The “optical imaging technology” (Bachman, 1986) was the best materials system of its time for fabricating “photodiode arrays” (Bachman, 1986) that were used in NASA’s satellite system. Bachman considered this to be just the beginning of experimentation with microgravity for the production of semiconductors. He articulated the need for further advances in physics to improve the photoconductive properties of the detectors in order to improve the quality of the satelites
Twenty years later Bachman’s optical imaging device is being applied to identify diseases, as well as, analize the chemical and biological properties of different cystals and alloys in vortex chambers. The photoconductive device described in the study offers a cost effective method of fabricating biochips when coupled with simulation software known as Comsol software.Industries outside of quasi-government agencies such as NASA are utilizing microgravity technology. The budgets of these industries are not limitless, and therefore are in need of a feasible way of applying the quantum leap in semiconductor quality that is due to the microgravity science, without incurring the considerable costs that would keep them out of the field of biotechnology.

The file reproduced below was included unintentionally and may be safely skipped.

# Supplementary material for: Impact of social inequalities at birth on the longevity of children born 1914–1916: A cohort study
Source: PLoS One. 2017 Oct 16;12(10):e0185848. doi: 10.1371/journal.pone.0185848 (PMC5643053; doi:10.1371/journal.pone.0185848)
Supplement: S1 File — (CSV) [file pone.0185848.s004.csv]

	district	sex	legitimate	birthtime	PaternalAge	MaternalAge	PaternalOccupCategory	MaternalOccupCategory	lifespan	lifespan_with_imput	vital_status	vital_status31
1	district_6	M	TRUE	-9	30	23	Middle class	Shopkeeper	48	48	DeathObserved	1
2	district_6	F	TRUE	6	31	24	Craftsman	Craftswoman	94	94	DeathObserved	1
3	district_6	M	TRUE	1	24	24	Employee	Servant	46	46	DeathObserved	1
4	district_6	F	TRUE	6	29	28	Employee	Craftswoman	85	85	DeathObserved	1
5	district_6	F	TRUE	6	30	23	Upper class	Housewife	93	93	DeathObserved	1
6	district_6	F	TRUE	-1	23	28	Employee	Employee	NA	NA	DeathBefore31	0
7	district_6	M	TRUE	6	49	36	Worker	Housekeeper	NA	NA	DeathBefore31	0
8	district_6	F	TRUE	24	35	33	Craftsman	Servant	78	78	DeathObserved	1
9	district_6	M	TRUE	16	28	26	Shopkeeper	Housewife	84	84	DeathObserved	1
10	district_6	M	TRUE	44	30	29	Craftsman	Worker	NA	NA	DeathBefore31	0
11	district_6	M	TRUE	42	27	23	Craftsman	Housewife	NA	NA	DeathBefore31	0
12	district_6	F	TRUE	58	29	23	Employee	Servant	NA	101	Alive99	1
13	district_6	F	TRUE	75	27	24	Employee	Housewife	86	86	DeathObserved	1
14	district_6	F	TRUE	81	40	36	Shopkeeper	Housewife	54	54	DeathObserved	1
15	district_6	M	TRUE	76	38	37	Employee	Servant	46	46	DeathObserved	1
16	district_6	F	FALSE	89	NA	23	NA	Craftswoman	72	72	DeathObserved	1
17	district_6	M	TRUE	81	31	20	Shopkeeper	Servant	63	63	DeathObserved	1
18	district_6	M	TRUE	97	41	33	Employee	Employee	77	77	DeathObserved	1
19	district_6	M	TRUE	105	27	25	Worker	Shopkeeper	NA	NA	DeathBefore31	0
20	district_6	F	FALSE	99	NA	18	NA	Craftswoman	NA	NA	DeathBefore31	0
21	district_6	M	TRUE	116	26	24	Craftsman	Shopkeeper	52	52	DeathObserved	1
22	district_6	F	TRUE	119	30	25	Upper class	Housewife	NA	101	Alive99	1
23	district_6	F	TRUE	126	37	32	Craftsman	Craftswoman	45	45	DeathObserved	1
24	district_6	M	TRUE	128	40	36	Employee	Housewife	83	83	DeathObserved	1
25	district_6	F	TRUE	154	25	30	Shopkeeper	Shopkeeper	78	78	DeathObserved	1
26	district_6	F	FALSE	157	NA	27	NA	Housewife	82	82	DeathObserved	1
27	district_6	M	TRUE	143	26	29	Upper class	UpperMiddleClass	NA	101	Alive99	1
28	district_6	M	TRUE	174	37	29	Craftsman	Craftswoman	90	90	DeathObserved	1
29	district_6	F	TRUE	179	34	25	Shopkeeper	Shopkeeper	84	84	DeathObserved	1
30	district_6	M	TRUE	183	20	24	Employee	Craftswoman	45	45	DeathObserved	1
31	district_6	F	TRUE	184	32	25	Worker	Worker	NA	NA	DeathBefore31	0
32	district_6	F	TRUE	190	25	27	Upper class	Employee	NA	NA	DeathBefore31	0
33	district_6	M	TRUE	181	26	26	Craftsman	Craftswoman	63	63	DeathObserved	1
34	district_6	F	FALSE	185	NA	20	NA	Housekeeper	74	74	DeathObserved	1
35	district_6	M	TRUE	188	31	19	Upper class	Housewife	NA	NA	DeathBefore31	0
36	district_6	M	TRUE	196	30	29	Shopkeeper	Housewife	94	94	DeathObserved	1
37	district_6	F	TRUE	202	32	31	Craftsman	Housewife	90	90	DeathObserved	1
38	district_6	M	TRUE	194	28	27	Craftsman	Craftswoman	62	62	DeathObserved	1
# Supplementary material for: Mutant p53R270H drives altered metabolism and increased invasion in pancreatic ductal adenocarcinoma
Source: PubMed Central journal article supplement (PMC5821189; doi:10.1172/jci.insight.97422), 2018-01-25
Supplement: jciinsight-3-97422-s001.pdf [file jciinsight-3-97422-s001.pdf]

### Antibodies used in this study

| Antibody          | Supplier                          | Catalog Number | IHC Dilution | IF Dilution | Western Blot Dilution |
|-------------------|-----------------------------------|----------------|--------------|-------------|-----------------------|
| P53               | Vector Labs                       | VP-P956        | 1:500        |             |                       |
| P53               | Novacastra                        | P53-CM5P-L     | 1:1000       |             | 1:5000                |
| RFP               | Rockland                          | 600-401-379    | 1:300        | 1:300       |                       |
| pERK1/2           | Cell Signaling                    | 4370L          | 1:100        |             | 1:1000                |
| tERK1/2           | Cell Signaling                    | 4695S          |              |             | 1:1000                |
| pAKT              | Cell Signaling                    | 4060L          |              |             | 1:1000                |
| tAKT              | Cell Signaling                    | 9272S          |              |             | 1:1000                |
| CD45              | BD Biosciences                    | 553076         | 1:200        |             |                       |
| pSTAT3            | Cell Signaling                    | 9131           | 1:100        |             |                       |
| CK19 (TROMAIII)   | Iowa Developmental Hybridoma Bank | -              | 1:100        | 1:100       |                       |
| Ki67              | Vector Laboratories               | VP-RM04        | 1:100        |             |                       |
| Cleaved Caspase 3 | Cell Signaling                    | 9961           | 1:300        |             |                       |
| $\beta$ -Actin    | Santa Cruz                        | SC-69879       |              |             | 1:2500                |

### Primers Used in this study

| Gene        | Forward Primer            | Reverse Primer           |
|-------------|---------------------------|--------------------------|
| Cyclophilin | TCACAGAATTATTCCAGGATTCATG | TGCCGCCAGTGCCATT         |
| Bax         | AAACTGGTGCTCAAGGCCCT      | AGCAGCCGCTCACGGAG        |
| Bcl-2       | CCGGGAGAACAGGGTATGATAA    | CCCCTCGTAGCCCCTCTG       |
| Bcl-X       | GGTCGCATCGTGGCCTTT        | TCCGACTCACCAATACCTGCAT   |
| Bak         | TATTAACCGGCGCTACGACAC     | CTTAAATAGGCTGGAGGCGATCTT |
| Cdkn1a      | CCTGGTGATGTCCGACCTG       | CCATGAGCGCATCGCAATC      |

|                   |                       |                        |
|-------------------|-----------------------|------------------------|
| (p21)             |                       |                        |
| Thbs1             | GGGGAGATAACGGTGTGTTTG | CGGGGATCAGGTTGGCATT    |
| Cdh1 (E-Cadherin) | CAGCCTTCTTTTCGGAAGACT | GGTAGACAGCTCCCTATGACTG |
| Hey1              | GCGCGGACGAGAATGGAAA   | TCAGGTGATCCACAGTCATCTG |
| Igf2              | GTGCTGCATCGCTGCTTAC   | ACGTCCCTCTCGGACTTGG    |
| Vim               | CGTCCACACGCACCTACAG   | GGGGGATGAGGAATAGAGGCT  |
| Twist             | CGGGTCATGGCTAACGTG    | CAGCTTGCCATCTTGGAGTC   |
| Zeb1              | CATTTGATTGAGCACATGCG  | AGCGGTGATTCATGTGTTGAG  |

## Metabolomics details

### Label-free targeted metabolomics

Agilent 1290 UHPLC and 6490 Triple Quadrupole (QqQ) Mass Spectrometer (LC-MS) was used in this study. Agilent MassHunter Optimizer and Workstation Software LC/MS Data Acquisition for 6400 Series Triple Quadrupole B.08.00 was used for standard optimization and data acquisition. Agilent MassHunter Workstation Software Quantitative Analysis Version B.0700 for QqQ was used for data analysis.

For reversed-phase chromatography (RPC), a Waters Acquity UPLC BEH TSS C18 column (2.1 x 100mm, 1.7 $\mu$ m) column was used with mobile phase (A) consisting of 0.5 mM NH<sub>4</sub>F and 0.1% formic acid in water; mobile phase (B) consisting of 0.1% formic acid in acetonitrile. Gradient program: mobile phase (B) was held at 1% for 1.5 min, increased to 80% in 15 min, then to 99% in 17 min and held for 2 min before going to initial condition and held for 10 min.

The model described in this study offers theoretical outcomes when describing modified conditions calculated in simulation software as well as the actual observed events that occur within the various chambers of the photoconductive device. The properties that were observed utilizing simulated fluidic vortex chamber device are fluid flow, concentration and diffusion, and electrical conductivity. The conditions that were modified were velocity of fluid flow, locations of fluid concentration, and length of time the fluid would be concentrated at various locations. The results that the changing conditions as described in the “incompressible Navier-Stoke equation”.